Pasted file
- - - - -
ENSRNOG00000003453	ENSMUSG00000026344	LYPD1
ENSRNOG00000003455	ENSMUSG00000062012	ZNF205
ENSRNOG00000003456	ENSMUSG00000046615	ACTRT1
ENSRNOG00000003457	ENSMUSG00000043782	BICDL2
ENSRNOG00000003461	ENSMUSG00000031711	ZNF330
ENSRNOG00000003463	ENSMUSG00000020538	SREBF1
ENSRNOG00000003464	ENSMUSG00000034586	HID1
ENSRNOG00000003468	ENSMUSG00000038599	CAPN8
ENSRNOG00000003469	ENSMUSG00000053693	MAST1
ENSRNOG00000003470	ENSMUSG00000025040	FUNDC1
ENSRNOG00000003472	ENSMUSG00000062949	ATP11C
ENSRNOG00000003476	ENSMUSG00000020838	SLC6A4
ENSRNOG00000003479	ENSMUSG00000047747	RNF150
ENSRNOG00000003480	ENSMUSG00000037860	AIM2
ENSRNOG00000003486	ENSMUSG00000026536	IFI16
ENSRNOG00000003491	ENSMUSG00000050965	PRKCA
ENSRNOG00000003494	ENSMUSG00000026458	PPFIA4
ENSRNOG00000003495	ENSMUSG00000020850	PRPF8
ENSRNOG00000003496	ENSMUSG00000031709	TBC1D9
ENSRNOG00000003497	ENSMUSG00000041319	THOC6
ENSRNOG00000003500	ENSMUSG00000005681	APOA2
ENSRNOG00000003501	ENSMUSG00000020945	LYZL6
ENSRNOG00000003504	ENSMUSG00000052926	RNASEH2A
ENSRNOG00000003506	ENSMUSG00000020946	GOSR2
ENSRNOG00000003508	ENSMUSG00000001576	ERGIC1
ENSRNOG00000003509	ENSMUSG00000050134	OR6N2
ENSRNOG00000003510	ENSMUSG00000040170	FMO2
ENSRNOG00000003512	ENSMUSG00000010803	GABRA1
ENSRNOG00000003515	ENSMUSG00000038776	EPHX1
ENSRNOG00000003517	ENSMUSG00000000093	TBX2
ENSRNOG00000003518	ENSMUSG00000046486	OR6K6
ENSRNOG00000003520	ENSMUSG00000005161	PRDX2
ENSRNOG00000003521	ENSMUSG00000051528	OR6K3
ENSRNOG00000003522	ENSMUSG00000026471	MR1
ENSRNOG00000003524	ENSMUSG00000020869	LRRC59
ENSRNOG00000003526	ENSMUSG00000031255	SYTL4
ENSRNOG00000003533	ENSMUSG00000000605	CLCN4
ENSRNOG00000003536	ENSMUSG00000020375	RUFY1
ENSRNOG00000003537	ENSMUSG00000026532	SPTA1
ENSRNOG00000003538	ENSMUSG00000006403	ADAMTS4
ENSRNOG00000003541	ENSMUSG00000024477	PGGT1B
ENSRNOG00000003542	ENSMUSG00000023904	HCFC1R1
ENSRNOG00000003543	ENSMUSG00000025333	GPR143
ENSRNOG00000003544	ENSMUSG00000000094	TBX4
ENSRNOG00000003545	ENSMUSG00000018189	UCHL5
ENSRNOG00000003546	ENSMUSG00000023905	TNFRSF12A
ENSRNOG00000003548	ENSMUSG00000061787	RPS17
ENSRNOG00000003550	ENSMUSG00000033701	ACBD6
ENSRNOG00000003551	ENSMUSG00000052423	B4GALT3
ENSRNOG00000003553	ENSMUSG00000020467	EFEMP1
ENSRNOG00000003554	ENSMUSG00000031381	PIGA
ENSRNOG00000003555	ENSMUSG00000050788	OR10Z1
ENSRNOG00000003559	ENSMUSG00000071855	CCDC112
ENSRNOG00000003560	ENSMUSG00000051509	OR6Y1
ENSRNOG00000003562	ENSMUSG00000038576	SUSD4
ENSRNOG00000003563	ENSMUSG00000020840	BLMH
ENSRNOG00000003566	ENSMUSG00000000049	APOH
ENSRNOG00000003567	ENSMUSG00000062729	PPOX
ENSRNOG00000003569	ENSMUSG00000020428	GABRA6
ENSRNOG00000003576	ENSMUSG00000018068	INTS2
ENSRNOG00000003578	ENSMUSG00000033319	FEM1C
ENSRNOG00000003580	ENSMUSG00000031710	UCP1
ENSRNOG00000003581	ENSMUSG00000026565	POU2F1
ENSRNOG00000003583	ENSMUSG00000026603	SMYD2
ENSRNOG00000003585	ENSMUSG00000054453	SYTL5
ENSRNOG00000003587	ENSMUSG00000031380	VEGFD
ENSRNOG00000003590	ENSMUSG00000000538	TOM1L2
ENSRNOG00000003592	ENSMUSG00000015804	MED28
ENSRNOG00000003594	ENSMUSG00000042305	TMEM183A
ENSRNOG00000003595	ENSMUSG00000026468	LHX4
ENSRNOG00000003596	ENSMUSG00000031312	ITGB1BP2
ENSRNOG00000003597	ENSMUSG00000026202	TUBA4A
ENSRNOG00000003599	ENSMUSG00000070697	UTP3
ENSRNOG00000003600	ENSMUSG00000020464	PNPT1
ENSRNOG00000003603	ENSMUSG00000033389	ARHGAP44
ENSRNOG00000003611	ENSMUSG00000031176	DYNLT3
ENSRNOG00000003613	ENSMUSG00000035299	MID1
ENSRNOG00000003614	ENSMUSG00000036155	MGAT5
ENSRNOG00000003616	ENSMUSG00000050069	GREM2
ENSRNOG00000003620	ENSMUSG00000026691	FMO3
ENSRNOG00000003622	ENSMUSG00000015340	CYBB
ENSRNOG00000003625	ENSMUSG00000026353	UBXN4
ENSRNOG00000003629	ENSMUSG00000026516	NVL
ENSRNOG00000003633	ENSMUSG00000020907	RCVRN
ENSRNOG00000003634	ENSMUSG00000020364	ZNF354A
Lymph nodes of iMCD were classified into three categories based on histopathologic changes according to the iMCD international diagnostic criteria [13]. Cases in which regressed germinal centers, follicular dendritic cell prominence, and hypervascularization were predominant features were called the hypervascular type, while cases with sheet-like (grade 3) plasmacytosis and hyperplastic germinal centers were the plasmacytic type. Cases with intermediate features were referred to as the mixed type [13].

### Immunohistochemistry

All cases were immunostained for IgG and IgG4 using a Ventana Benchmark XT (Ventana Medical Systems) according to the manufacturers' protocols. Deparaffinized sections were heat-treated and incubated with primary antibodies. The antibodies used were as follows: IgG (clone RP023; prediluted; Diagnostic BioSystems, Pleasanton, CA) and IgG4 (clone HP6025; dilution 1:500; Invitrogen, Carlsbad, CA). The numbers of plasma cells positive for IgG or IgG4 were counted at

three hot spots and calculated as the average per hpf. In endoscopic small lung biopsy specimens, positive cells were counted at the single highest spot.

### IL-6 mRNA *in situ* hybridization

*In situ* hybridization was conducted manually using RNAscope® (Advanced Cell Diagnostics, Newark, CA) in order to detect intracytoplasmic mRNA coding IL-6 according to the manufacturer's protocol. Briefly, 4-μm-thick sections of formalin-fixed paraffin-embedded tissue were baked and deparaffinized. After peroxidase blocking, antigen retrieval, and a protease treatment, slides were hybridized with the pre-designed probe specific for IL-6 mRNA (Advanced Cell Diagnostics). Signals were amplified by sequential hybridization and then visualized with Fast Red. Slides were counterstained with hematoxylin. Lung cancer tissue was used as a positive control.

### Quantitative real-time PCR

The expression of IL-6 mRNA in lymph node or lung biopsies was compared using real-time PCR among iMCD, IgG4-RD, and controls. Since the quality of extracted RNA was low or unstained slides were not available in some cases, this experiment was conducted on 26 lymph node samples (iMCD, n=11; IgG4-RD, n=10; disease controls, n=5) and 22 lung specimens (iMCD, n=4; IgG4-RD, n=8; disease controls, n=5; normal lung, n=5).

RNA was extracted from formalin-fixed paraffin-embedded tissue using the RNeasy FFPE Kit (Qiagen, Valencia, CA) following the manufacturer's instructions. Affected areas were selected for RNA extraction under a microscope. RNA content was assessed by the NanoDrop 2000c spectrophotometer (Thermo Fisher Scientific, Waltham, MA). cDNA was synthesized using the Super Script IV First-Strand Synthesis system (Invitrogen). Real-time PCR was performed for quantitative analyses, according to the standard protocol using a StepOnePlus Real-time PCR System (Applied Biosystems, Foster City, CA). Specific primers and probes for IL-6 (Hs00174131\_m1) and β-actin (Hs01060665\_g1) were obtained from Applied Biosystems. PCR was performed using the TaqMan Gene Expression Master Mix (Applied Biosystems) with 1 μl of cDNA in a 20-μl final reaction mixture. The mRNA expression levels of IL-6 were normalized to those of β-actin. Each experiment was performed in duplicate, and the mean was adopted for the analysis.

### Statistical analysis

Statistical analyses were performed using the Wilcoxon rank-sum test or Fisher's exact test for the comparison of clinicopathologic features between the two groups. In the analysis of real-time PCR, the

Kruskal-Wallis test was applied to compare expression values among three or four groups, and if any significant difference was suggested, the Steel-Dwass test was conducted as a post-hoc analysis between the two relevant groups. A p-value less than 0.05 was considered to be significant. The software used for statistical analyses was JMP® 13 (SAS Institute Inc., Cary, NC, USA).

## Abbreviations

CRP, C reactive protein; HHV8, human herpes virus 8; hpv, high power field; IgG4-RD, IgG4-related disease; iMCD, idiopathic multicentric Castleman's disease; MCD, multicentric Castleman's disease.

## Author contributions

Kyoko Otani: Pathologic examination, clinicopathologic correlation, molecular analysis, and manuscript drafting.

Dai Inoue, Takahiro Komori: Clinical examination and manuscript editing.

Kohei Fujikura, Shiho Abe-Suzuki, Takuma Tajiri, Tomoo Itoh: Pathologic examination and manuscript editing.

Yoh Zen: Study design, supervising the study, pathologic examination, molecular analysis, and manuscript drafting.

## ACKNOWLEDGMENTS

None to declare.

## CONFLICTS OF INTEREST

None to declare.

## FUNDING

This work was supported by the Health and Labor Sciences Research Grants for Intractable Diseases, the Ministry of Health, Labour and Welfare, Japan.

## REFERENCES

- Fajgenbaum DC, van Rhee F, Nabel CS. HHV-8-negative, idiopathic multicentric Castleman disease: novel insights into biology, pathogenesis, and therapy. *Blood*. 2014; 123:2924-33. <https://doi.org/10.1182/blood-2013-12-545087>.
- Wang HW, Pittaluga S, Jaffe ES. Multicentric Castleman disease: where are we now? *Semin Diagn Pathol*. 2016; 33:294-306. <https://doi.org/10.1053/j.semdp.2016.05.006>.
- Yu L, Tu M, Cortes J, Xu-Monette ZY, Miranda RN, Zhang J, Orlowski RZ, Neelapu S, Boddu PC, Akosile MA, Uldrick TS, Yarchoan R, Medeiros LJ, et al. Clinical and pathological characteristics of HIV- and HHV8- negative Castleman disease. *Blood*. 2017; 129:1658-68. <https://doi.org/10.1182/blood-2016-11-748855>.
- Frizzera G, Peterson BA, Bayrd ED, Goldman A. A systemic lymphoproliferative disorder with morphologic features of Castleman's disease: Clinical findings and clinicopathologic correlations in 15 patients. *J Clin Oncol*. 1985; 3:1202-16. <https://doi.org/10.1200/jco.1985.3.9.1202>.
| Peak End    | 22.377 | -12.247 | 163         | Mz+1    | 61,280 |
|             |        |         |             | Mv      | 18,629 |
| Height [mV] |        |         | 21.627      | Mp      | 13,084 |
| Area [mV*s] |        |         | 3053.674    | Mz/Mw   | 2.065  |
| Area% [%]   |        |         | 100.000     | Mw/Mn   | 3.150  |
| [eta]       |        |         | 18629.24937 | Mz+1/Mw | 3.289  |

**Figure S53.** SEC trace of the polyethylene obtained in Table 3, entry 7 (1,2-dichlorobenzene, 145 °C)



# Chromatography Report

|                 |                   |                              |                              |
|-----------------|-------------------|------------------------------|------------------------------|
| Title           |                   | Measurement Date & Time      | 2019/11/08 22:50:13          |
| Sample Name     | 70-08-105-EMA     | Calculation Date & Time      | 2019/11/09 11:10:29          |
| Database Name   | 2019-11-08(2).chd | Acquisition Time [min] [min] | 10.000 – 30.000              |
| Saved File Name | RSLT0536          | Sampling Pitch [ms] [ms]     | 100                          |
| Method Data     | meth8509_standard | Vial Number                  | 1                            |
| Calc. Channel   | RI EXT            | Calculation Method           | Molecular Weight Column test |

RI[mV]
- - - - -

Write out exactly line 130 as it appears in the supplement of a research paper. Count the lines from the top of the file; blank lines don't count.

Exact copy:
| Method Data     | meth8509_standard | Vial Number                  | 1                            |